(P.6,Argus, 5-11-1859.)

To Hotelkeepers and Others.
For SALE, by tender, subject to a mortgage of £300, the premises known as SCURFIELD'S HOTEL, Dromana, 47 miles from Melbourne. This property is most pleasantly situated, commanding a line view of the harbour, and consists of about two and a half acres of land, a portion of which is laid out as a garden, and buildings erected
thereon, consisting of an hotel, substantially built of pine, containing the following rooms : bar, 20 ft.
by 13 ft.; two parlors, each 16 ft. by 15 ft.; four bedrooms, each 16 ft. by 15 ft.; two do., each 10 10 ft. ; kitchen, fowl-house, stables, &c, ; also an attached three-roomed cottage, suitable for private families.
The whole of the furniture and stock is in good condition and is to be taken at a valuation.

Tenders, addressed to James Moore, Esq., official assignee, Eldon-chambers, endorsed 'Tender for the Purchase of Scurfield Hotel,' will be received until twelve o'clock on Monday, the 30th inst. Further particulars, including a plan of the ground and buildings, together with an inventory of all stock and furniture, may be obtained at the office of the undersigned. J. AARONS, Trade Assignee, 6, Collins street,east.
N.B Intending purchasers are respectfully informed that the mortgagee will allow £200 of the present mortgage to remain at current rates. 38 302 (P.7,The Age, 28-11-1863.)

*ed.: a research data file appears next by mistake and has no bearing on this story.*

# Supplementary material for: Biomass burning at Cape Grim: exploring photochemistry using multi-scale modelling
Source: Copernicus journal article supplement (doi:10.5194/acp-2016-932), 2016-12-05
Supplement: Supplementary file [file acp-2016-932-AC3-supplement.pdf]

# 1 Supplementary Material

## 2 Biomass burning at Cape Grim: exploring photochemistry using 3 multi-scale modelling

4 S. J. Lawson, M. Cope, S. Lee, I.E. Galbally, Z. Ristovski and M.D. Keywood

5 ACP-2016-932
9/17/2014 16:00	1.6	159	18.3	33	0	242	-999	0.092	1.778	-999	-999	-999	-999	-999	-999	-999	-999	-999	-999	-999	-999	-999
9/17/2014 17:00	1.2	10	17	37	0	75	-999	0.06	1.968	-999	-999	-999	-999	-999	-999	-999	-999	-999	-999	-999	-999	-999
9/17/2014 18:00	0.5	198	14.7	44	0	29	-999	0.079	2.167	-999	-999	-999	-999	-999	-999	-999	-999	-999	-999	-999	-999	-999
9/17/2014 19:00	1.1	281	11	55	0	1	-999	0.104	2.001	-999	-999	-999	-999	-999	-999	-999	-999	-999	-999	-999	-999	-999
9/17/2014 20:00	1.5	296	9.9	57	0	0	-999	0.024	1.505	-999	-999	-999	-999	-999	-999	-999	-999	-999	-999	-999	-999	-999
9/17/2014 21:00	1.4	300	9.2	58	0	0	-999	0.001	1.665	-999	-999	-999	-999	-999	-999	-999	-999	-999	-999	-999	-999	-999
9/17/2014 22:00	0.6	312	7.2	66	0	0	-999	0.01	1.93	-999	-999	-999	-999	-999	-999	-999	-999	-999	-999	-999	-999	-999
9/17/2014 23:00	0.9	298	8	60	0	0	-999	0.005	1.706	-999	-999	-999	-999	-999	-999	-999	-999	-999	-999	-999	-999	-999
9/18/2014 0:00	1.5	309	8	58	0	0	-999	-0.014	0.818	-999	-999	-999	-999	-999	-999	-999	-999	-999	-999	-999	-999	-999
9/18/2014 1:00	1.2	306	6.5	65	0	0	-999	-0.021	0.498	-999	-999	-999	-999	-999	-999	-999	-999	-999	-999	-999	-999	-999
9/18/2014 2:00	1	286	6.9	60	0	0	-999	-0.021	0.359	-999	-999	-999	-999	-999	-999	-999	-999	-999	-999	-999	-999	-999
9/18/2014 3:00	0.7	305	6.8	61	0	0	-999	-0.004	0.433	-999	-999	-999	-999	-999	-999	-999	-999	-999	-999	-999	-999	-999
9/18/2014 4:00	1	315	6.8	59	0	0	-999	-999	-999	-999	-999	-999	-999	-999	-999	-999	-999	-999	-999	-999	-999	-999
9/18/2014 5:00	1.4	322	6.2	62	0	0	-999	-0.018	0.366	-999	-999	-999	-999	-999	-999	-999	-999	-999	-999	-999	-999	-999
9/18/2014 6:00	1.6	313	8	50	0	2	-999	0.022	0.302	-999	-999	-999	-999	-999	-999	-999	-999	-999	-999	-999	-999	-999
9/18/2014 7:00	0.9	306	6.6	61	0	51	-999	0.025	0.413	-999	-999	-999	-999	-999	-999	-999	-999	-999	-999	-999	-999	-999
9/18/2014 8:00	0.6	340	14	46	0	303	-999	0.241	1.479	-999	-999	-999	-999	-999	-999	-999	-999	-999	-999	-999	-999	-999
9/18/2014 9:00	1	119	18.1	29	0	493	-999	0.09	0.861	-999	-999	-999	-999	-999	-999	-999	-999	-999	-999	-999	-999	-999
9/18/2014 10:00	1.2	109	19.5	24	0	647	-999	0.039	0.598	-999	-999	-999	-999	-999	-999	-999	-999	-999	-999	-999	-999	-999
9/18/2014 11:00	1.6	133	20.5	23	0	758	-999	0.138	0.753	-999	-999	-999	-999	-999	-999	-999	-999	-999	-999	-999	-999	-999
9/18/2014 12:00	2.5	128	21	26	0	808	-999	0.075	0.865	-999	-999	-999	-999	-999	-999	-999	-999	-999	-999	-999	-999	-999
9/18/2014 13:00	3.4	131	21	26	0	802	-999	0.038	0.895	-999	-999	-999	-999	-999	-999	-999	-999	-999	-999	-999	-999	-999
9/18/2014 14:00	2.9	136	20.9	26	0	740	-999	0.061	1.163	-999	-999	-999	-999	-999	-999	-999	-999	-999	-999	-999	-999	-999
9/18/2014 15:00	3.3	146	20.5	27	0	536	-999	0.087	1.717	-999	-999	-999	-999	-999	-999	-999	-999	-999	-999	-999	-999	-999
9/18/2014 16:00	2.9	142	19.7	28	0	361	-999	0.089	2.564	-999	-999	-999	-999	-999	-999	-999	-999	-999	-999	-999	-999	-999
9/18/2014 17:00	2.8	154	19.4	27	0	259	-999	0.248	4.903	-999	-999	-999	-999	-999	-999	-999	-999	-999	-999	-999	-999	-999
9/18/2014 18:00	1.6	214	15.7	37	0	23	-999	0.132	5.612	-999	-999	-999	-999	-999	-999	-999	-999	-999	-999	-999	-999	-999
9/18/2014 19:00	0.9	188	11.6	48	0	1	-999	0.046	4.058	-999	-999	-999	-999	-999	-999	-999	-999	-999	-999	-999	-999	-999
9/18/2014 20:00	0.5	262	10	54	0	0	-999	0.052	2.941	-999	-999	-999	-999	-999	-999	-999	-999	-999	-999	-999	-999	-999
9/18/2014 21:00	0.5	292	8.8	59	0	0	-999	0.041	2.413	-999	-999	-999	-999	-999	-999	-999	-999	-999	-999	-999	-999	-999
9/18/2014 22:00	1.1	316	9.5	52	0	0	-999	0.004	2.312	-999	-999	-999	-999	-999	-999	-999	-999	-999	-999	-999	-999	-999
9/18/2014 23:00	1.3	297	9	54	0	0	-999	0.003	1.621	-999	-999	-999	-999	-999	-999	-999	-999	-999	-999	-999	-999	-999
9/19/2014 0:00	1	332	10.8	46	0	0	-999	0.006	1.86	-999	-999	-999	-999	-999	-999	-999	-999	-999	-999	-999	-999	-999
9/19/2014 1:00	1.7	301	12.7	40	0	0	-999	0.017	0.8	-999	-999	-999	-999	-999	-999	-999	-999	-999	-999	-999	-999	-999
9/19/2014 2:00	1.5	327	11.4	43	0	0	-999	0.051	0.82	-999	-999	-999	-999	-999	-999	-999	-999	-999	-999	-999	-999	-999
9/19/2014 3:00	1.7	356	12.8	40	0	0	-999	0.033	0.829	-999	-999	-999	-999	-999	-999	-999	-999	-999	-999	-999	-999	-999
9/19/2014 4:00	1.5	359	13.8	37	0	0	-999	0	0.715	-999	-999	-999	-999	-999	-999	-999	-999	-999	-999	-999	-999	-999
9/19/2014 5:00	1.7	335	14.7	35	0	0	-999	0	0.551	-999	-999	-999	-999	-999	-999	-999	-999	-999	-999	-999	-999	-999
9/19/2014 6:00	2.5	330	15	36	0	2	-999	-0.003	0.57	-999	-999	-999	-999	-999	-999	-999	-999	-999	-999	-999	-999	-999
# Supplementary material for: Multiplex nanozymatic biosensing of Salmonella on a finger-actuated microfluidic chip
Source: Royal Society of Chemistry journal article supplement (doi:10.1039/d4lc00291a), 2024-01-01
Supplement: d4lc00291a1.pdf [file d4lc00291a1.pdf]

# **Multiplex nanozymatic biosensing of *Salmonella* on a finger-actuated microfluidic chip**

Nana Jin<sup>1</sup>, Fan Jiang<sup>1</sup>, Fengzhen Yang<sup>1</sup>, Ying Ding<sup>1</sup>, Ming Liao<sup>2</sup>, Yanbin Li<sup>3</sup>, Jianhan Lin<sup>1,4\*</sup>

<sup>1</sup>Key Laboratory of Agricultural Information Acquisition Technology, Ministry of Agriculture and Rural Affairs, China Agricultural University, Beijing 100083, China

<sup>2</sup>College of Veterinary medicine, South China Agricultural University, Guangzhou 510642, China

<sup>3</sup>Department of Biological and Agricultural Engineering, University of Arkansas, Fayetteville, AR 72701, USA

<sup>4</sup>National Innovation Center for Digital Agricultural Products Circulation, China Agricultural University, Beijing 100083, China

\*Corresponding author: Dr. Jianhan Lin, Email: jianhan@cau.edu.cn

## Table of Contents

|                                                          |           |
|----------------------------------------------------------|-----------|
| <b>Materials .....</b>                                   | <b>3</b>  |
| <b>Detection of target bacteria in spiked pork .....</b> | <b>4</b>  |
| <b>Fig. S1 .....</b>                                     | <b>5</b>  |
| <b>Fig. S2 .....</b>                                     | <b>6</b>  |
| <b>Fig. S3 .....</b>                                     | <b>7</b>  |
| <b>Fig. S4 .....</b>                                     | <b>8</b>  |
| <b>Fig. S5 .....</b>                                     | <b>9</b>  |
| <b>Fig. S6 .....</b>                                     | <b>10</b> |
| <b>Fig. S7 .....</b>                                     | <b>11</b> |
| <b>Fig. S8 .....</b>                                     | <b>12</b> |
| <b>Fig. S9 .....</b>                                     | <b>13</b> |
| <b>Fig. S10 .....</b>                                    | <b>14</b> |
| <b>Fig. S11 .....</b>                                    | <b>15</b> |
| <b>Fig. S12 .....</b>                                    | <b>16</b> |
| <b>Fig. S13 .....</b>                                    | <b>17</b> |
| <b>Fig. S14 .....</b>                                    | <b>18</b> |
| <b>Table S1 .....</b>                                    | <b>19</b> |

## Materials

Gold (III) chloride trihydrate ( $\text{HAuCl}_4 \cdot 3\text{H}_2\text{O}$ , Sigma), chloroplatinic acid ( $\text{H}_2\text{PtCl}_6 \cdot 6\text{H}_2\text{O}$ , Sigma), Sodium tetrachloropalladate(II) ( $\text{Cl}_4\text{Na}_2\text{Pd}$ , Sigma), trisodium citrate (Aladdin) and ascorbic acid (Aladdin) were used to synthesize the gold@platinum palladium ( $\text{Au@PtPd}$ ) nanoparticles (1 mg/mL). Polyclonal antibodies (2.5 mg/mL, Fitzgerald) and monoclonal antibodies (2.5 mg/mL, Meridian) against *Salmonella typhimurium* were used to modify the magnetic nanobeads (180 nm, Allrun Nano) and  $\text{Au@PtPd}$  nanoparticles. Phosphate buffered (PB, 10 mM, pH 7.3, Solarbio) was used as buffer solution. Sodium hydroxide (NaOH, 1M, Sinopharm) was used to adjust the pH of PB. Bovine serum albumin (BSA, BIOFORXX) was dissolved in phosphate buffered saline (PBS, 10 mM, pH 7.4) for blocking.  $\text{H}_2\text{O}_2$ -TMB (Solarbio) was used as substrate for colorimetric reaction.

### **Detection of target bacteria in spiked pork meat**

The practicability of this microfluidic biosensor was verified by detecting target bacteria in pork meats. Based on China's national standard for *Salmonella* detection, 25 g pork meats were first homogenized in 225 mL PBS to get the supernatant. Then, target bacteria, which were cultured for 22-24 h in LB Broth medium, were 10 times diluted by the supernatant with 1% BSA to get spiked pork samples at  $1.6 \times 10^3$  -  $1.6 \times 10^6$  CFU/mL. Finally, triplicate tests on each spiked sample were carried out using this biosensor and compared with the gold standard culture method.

In re W. D. Scurfield. The insolvent, a tent maker, of Melbourne, did not appear, and, in the absences of any creditors, the meeting closed. The assignee, Mr Moore, filed his report, from which it appeared that the stock-in-trade of the insolvent had been sold by public auction, the net proceeds being £590 13s 10d. The Scurfield Hotel and freehold property at Dromana had been sold by tender for £347 4s 6d. The stock, furniture, &c., of the Scurfield Hotel realised £130, and was sold on the understanding that, should the insolvent be voted any part of his furniture, the value should be paid to him. £46 18s 4d had been collected on account of book debts, and £11 8s 9d had been received in cash from the insolvent. The mortgage on the Dromana property was paid off before the sale. Five small allotments of land at Broadmeadows* and Footscray remain unsold, no offer having been made for them. A dividend of about 6s in the £1 would probably be paid to concurrent creditors. P.7, The Age,11-2-1864.)

(* William's grants in Broadmeadows Township (now Westmeadows) can be found by googling BROADMEADOWS TOWNSHIP, COUNTY OF BOURKE.)

The hotel was sold by the assignee but to whom? As the purchaser might never have been reported,I thought that the rate collectors might surprise me, but they didn't.

The first Kangerong Road Board assessment of 3-9-1864 rated William Dixon Scurfield on "house 9 rooms hotel,N.A.V. 60 pounds. The owner column was blank. On 2-9-1865, W.D.S.was assessed on three properties with assessment numbers recorded:66. 2 town lots; 67.9 room hotel,L.60.; 68. 43 acres of building land as agent for Ligar Elliot. This was crown allotment 1,section 1, Kangerong, bounded by McCulloch St, Arthur St and Palmerston Avenue.It had a frontage to The Esplanade that could be long jumped. It had been granted to William Dixon Scurfield according to the parish map but he may have bought it on Ligar's behalf. Somewhere in my special purpose rate transcriptions,Catherine Scurfield was recorded as leasing this land from Ligar Elliot, teamster.